Sihota said the number of doctors registered with the app is growing, with many drawn to the system by the work-life balance it provides. Some work part-time in clinics or their own practices and take calls through Babylon on the side. Like a physical walk-in clinic, the doctors bill MSP for the consultations.
Sihota said “connected care” is at the heart of the Babylon app. While patients receive access to the doctor’s written notes, they can also play back a video of their consultation. The virtual clinic also helps them arrange the necessary tests and followup appointments.
In a short survey conducted for Telus after each appointment, 92 per cent of respondents said their main request was resolved by the end of their consultation. Asked to rate the service, they gave it an average 4.9 out of five stars, a number that hasn’t dropped since March.
The top conditions treated by doctors through the app include mental health, sexual health, skin disorders and respiratory issues. So far, more women have used it than men.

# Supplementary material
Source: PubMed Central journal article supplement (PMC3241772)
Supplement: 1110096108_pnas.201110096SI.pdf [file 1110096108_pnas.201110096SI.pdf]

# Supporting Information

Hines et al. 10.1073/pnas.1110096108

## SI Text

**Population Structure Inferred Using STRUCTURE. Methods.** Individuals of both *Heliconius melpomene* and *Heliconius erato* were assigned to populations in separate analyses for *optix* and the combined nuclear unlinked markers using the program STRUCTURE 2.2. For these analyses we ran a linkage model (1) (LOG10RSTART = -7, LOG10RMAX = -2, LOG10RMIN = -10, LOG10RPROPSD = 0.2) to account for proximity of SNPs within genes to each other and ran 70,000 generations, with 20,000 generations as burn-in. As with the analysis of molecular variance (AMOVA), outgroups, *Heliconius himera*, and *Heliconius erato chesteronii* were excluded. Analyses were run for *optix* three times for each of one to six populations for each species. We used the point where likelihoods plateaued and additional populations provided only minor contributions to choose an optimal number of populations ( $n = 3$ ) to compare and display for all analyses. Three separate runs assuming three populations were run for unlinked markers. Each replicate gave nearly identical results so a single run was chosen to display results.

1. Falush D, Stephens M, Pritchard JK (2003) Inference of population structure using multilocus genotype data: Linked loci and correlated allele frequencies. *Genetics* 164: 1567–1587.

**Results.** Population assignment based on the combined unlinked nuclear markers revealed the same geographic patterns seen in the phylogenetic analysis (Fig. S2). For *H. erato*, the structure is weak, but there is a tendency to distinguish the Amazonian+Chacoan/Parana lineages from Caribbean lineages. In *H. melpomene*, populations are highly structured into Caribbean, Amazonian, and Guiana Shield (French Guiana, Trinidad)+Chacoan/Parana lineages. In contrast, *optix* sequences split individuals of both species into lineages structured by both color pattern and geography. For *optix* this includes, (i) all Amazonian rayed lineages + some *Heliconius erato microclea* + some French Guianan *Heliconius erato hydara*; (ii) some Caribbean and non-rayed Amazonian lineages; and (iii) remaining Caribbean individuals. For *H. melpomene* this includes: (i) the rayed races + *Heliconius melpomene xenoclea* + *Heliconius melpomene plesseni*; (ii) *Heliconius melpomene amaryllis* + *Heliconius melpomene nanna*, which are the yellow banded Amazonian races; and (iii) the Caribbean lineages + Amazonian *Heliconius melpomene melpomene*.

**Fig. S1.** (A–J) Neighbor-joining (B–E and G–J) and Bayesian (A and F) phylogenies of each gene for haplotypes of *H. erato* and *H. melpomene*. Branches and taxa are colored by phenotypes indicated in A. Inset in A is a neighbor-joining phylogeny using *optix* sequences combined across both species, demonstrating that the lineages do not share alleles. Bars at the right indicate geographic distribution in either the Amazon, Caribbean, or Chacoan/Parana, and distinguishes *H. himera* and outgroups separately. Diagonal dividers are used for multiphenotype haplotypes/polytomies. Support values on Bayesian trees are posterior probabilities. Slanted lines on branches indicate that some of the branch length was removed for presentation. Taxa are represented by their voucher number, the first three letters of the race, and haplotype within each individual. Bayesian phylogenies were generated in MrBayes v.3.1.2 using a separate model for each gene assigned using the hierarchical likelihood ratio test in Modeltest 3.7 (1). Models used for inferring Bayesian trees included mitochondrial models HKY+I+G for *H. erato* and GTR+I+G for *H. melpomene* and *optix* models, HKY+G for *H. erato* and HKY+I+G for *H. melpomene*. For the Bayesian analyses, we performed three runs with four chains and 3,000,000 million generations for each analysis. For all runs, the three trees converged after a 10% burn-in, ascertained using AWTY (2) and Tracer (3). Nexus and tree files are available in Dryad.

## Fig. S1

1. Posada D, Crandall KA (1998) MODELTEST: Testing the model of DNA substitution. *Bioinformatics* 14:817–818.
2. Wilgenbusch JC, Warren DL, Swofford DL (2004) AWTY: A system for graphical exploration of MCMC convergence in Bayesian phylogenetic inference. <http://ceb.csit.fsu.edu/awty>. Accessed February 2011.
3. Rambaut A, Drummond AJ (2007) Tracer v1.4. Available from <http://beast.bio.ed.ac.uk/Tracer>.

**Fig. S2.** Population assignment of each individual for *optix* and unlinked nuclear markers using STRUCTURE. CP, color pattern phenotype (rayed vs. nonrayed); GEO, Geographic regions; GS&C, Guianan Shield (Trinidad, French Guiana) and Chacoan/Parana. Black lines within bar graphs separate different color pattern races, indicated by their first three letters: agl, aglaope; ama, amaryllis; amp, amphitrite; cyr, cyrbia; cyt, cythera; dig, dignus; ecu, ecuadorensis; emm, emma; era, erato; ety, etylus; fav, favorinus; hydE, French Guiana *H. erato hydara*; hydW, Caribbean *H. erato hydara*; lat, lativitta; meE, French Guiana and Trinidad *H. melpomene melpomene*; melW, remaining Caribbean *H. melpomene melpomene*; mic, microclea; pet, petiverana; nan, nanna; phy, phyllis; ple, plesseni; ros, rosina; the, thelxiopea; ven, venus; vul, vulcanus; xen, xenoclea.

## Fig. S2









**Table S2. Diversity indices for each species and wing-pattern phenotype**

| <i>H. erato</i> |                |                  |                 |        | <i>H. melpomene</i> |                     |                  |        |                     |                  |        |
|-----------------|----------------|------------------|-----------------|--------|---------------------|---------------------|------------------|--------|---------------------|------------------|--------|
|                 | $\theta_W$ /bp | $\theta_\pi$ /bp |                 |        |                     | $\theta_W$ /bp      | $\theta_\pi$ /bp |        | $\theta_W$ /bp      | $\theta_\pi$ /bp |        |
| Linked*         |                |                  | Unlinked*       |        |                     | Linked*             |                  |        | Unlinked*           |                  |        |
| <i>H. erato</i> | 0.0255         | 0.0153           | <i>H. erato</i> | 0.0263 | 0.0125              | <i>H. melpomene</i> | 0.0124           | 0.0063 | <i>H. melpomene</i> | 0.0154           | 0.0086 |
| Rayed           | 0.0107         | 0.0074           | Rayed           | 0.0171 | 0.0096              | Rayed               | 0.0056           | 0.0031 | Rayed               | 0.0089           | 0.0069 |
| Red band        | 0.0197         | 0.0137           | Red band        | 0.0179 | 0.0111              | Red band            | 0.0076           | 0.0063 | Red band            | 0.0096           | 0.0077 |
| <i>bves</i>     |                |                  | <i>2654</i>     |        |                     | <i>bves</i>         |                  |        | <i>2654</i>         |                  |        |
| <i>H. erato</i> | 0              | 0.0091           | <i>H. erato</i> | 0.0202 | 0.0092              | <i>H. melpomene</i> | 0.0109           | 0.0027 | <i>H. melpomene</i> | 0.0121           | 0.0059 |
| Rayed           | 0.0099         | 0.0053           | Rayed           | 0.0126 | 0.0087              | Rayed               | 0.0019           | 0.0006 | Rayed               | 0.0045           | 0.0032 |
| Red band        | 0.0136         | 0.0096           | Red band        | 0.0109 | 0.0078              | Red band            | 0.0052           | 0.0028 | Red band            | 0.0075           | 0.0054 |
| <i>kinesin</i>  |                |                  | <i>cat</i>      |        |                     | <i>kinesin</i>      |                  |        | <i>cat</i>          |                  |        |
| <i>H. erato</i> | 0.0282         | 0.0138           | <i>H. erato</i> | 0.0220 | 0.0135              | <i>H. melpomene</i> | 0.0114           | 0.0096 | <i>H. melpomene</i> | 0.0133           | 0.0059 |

“We should all have equal access to health care,” said Sihota. “We believe technology can make our health-care system better at less cost.”
Babylon isn’t the only example of virtual health care in B.C.
The primary health-care strategy announced by the provincial government in 2018 included an emphasis on technology solutions. At a news conference, Health Minister Adrian Dix said technology would be used to bring health care closer to home for those in rural and remote areas through the use of telehealth services and new digital home-health monitoring.
B.C. Children’s Hospital uses technology to link specialists to doctors and patients throughout the province through 19 telehealth centres, conducting about 140 virtual appointments per month. Specialists also provide advice to adult patients through a program called Rapid Access to Consultative Expertise.
The government paid nearly $3 million for about 43,000 video-conference visits to doctors in 2015-16. The number of virtual visits rose to over one million in 2016-17.